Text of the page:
Astronauts’ Health Takes a Giant Leap with the Help of Northumbria University Experts15th Dec 2023
Space experts from Northumbria University have triumphed in a prestigious global competition. This achievement opens the doors to a groundbreaking exploration of blood flow restriction training among astronauts during spaceflight.
How Could Northumbria’s Victory Transform Astronaut Health in Space?
Professor Nick Caplan and Dr. Luke Hughes, leading Northumbria’s Aerospace Medicine and Rehabilitation Laboratory, won the 2023 Humans in Space Challenge. This competition, hosted by South Korean health tech firm Boryung in collaboration with Axiom Space and Aurelia, offers a groundbreaking opportunity.
The absence of gravity in space leads astronauts to experience muscle and bone mineral loss, which often lingers even upon their return to Earth.
Dr. Hughes highlights that the existing exercise hardware and protocols utilized aboard the International Space Station (ISS) fall short of fully addressing these physical changes. As space missions extend to the moon and beyond, the imperative is to streamline and reduce exercise equipment on spacecraft, necessitating more efficient solutions to combat these health challenges.
The competition’s funding empowers Caplan and Hughes to adapt the Delfi Personalised Tourniquet System for Blood Flow Restriction – a method involving cuff application to limbs, reducing blood flow and oxygen supply during exercise. This technology has shown promise in mitigating muscle and bone loss on Earth during immobilization and post-surgery.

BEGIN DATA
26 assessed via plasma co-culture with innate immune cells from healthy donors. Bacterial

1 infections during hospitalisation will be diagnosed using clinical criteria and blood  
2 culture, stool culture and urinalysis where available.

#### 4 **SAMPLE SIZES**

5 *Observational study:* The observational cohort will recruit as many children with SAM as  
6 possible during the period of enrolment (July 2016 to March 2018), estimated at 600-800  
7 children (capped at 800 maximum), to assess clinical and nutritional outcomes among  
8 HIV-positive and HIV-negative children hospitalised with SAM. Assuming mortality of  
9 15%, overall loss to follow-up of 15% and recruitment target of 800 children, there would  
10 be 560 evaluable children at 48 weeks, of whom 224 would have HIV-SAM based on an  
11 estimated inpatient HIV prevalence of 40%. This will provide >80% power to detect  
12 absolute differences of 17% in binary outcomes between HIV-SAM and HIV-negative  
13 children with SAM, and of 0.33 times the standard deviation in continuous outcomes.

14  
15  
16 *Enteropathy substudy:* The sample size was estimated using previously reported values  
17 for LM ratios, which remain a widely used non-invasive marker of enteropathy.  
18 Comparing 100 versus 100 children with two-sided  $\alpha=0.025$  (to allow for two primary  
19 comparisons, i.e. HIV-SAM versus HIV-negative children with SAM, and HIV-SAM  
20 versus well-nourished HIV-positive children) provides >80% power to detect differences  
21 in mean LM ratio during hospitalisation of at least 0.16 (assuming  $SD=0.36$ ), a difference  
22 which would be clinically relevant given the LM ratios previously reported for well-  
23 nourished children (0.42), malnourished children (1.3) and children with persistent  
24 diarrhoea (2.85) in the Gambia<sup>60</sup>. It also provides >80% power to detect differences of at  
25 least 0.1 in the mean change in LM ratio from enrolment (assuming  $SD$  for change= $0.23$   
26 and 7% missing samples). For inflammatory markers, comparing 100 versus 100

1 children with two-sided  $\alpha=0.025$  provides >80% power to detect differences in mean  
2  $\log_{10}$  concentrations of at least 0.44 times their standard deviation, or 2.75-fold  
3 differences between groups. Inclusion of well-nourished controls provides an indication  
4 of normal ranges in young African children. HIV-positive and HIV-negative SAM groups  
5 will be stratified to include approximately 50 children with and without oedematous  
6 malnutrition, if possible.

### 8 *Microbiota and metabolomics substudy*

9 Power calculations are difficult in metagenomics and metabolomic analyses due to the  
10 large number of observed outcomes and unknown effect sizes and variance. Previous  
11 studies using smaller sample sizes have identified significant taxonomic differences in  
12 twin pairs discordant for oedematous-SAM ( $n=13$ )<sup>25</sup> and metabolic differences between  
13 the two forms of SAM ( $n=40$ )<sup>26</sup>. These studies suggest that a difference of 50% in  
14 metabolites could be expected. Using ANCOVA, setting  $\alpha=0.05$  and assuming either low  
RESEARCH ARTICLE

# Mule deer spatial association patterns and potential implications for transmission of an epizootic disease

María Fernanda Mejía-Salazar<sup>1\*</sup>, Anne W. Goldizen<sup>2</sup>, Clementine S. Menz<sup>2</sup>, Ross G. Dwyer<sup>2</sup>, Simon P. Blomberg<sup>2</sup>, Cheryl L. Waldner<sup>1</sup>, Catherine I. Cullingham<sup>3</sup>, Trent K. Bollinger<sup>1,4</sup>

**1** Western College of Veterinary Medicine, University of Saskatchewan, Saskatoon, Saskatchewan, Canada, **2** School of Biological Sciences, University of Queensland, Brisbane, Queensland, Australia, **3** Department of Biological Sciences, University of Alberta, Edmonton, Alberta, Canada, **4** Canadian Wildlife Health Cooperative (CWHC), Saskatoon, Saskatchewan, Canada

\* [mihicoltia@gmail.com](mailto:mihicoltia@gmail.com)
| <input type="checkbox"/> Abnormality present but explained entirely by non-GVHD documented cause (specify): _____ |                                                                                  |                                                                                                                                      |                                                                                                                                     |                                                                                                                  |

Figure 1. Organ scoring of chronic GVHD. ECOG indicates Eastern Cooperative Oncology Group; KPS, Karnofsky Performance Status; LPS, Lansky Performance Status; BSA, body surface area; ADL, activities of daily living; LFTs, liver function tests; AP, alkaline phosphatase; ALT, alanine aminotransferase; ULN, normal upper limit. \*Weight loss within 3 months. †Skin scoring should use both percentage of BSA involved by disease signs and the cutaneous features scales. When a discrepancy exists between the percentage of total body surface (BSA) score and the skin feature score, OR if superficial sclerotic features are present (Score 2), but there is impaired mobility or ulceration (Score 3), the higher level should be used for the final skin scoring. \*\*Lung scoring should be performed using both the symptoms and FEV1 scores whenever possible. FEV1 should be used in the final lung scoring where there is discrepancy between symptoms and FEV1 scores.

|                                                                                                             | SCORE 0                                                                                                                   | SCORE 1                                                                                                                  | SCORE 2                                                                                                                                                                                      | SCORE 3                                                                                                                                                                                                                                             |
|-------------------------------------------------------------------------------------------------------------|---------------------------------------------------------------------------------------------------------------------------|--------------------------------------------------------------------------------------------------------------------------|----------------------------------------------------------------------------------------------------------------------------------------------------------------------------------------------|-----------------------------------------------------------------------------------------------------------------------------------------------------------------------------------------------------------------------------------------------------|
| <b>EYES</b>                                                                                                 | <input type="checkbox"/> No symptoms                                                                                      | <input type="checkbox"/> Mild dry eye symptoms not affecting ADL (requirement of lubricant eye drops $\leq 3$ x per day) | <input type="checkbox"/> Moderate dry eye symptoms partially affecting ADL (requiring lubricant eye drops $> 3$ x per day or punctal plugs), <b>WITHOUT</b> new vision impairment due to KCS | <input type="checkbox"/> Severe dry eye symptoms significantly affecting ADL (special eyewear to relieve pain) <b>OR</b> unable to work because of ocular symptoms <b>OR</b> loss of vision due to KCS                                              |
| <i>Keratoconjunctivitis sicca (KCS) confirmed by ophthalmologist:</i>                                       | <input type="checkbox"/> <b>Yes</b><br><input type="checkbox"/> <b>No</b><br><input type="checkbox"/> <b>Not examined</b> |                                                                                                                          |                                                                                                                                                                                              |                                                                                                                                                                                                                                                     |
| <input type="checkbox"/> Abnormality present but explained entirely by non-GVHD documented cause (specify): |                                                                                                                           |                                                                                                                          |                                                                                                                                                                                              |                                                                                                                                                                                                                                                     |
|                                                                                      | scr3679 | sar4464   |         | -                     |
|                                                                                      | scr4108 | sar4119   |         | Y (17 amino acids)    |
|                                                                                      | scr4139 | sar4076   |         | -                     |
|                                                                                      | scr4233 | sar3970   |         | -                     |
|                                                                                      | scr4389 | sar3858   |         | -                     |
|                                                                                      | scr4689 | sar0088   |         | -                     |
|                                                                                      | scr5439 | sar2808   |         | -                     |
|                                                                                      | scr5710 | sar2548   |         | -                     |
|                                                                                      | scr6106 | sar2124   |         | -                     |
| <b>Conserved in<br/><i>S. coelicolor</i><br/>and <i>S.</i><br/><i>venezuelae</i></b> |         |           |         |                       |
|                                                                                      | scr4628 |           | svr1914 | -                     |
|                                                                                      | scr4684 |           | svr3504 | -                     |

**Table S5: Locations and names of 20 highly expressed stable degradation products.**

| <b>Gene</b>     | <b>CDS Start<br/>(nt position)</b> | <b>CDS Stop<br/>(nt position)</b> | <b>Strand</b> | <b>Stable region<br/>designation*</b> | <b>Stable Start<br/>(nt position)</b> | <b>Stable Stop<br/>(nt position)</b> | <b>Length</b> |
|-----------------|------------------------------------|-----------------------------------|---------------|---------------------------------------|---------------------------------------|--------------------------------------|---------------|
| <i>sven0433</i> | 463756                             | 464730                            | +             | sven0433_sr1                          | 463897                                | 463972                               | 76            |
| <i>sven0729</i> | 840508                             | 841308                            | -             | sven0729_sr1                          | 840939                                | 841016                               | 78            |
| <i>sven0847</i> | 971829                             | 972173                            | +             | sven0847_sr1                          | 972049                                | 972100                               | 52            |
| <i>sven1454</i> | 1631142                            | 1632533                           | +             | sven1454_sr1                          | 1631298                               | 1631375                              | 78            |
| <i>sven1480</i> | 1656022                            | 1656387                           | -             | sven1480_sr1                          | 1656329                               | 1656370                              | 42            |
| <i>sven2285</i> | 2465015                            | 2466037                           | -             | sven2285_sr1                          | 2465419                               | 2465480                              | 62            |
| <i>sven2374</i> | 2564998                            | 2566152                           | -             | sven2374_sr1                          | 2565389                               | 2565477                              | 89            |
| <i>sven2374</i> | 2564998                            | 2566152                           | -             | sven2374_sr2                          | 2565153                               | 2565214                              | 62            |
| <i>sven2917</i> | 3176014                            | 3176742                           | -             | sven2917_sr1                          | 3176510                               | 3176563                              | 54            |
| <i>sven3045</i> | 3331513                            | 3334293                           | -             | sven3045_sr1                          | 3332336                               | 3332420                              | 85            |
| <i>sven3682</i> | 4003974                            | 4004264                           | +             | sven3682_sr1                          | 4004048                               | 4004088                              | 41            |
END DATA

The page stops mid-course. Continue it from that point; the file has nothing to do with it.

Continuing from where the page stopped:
Redefining BFRE for Space Missions
NASA, ESA, and private space entities recognize the potential of Blood Flow Restriction Exercise (BFRE) in bolstering astronaut health, especially in missions beyond Earth’s orbit where exercise resources are limited. However, no BFRE device currently meets spaceflight research standards.
Professor Caplan and Dr. Hughes are partnering with Western Clinical Engineering, based in Canada and renowned as both the owners and manufacturers of the commercially available device. Additionally, they will collaborate with Kayser Space, a specialized firm excelling in the development and qualification of space-oriented hardware for scientific research. Together, they aim to create the space-adapted iteration of the Delfi Personalised Tourniquet System.
“Developing this hardware for actual spaceflight will open new frontiers for research,” says Professor Caplan, highlighting their ongoing simulated gravity investigations. Dr. Hughes emphasizes BFRE’s minimal equipment requirements and low-intensity performance, crucial for future missions aiming to combat muscle and bone loss during extended space stays.
The Humans in Space Challenge, an avenue for global innovators to address space-related human challenges, attracted top-tier participants. Winners, like Caplan and Hughes, not only secured investments and research awards but also gained mentorship from esteemed space figures from NASA, ESA, and renowned universities.
This groundbreaking endeavor by Northumbria University exemplifies how innovation intersects with space exploration, promising invaluable insights to safeguard astronaut health during extended space missions.